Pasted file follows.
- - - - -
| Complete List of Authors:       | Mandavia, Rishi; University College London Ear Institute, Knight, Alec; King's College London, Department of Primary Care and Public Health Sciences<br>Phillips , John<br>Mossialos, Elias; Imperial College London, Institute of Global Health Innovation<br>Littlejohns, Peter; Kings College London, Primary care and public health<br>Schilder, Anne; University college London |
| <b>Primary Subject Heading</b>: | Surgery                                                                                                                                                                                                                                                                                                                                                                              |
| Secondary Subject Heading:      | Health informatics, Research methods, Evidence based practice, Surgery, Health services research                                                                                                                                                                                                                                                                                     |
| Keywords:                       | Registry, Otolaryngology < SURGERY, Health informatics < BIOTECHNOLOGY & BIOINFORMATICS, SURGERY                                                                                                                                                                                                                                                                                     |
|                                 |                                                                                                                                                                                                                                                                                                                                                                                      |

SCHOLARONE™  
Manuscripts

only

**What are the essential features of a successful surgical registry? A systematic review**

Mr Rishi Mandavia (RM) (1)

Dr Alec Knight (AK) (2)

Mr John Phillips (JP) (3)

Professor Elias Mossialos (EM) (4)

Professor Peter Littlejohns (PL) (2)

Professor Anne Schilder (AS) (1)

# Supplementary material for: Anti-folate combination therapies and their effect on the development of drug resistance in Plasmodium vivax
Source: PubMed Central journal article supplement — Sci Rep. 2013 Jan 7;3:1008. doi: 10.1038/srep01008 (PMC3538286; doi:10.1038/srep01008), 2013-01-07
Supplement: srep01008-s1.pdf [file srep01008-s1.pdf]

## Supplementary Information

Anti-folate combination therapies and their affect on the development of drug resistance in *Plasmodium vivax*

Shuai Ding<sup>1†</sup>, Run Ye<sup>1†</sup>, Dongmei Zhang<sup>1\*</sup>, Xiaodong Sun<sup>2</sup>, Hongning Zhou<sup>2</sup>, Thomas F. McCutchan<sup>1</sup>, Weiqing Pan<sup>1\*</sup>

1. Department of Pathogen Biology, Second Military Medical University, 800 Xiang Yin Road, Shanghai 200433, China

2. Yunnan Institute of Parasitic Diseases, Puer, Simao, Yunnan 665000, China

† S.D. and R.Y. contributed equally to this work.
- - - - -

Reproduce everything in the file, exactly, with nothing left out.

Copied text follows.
| Complete List of Authors:       | Mandavia, Rishi; University College London Ear Institute, Knight, Alec; King's College London, Department of Primary Care and Public Health Sciences<br>Phillips , John<br>Mossialos, Elias; Imperial College London, Institute of Global Health Innovation<br>Littlejohns, Peter; Kings College London, Primary care and public health<br>Schilder, Anne; University college London |
| <b>Primary Subject Heading</b>: | Surgery                                                                                                                                                                                                                                                                                                                                                                              |
| Secondary Subject Heading:      | Health informatics, Research methods, Evidence based practice, Surgery, Health services research                                                                                                                                                                                                                                                                                     |
| Keywords:                       | Registry, Otolaryngology < SURGERY, Health informatics < BIOTECHNOLOGY & BIOINFORMATICS, SURGERY                                                                                                                                                                                                                                                                                     |
|                                 |                                                                                                                                                                                                                                                                                                                                                                                      |

SCHOLARONE™  
Manuscripts

only

**What are the essential features of a successful surgical registry? A systematic review**

Mr Rishi Mandavia (RM) (1)

Dr Alec Knight (AK) (2)

Mr John Phillips (JP) (3)

Professor Elias Mossialos (EM) (4)

Professor Peter Littlejohns (PL) (2)

Professor Anne Schilder (AS) (1)

# Supplementary material for: Anti-folate combination therapies and their effect on the development of drug resistance in Plasmodium vivax
Source: PubMed Central journal article supplement — Sci Rep. 2013 Jan 7;3:1008. doi: 10.1038/srep01008 (PMC3538286; doi:10.1038/srep01008), 2013-01-07
Supplement: srep01008-s1.pdf [file srep01008-s1.pdf]

## Supplementary Information

Anti-folate combination therapies and their affect on the development of drug resistance in *Plasmodium vivax*

Shuai Ding<sup>1†</sup>, Run Ye<sup>1†</sup>, Dongmei Zhang<sup>1\*</sup>, Xiaodong Sun<sup>2</sup>, Hongning Zhou<sup>2</sup>, Thomas F. McCutchan<sup>1</sup>, Weiqing Pan<sup>1\*</sup>

1. Department of Pathogen Biology, Second Military Medical University, 800 Xiang Yin Road, Shanghai 200433, China

2. Yunnan Institute of Parasitic Diseases, Puer, Simao, Yunnan 665000, China

† S.D. and R.Y. contributed equally to this work.